With their first album Disconnection Imminent just under their belts, Decahedron have lived through enough drama for a veteran band. Originally performing and releasing their first EP under the name the Black Sea, the group was forced to change their name due to legal reasons. Then just after finishing recording their debut full-length, Fugazi bassist Joe Lally announced his departure from the group to spend more time with his family. Guitarist Shelby Cinca and drummer Jason Hamacher (who played together in Frodus) asked ex-Roadside Monument bassist Johnathon Ford to fill in, and now one band name change and one new bassist later, Decahedron is ready to take on the world.
Where their debut EP hinted at a ferocious ‘90s era Dischord sound (think Hoover) combined with the angular post-punk bands from the west coast (think Drive Like Jehu), Disconnection Imminent delivers and ups the ante on its predecessor. Unfortunately, the album isn’t consistently strong, and lyrically, it falters. Luckily for Decahedron there is enough here that those willing to get past the weaker tracks and unengaging lyrics will find much to like about Disconnection Imminent.
Right from the start, Decahedron grabs the listener by the throat and doesn’t let go. “Delete False Culture” without a doubt brings down the house live, and on CD it’s just as powerful. Led by buzzing, charged guitars, the track crackles with intensity, accentuated by Cinca’s jaw-dropping, powerful, visceral voice. No matter what the lyrics are, Cinca genuinely feels them and delivers them as if his life depended on it. “No Carrier” is equally catchy, riding on some nicely crafted guitar progressions. Drummer Jason Hamacher arms seem to be made of steel, because he thunders on his kit like a man possessed. “Not These Homes” and “Lt. Col. Questions Himself” are propelled by Hamacher’s inspired performances.
It’s too bad the other half of the CD can’t measure up in intensity the aforementioned tracks. The band unwisely includes two forgettable, inconsequential instrumental tracks. Journeys into slower, more mature tracks are equally unimaginative, leaving this listener wanting for the pace to pick up again with the more energetic songs.
With a political agenda clearly in mind, lyricist Cinca, paints a world where technology and city living has turned us to mindless automatons. Where Radiohead’s OK Computer addressed a similar issue, the paranoia and fear was projected inward, creating a personal sense of unease and wariness that was ultimately universal and beautifully bleak. Cinca lacks Yorke’s poetry, and the lyrics come across as didactic and somewhat shallow.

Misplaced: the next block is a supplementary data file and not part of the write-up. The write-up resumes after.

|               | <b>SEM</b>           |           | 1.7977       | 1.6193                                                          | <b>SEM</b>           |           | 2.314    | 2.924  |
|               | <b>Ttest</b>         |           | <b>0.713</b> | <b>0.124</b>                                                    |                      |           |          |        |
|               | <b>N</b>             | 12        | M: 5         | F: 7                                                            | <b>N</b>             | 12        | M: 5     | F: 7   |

On “Every City Is a Prison” Cinca sings: “Society breeds/ Disconnection/ The youth can’t relate/ We call can’t relate/ Can’t relate to anyone in this foreign place/ Commodified/ Generalized/ Machinized/ Empty lives/ I don’t believe the lies.”
“No Carrier” finds Cinca lamenting: “It seems we’ve been disconnected/ As we come upon the world/ Calculate the fads/ Double up the fashion quo/ Is this what we were warned of/ By authors and thinkers past/ Only time will tell.”
Cinca’s politics are well intentioned if somewhat overly simplistic. The fears he voices regarding the technological revolution are the same that were voiced at the beginning of the industrial revolution. Instead of seriously questioning, the lyrics come across as those written by a Luddite railing against all these “new fangled gadgets”. Furthermore, by not investing himself personally into the narratives, the lyrics come across a belligerent argument rather than an informed opinion.
However, Decahedron have little to worry about, as most people don’t turn to music for their politics, but they do pay attention to the songs. Disconnection Imminent is in every way a “first album”. The things that make it work simply shine and the missteps are glaring. Decahedron have offered up an admirable first effort, but this will be an album they will build their sound on.
// Sound Affects
"The man whose songs were recorded by Johnny Cash, Alan Jackson, Ricky Skaggs, David Allan Coe, The Highwaymen, and countless others succumbs to time’s cruel cue that the only token of permanence we have to offer are the effects of shared moments and memories.READ the article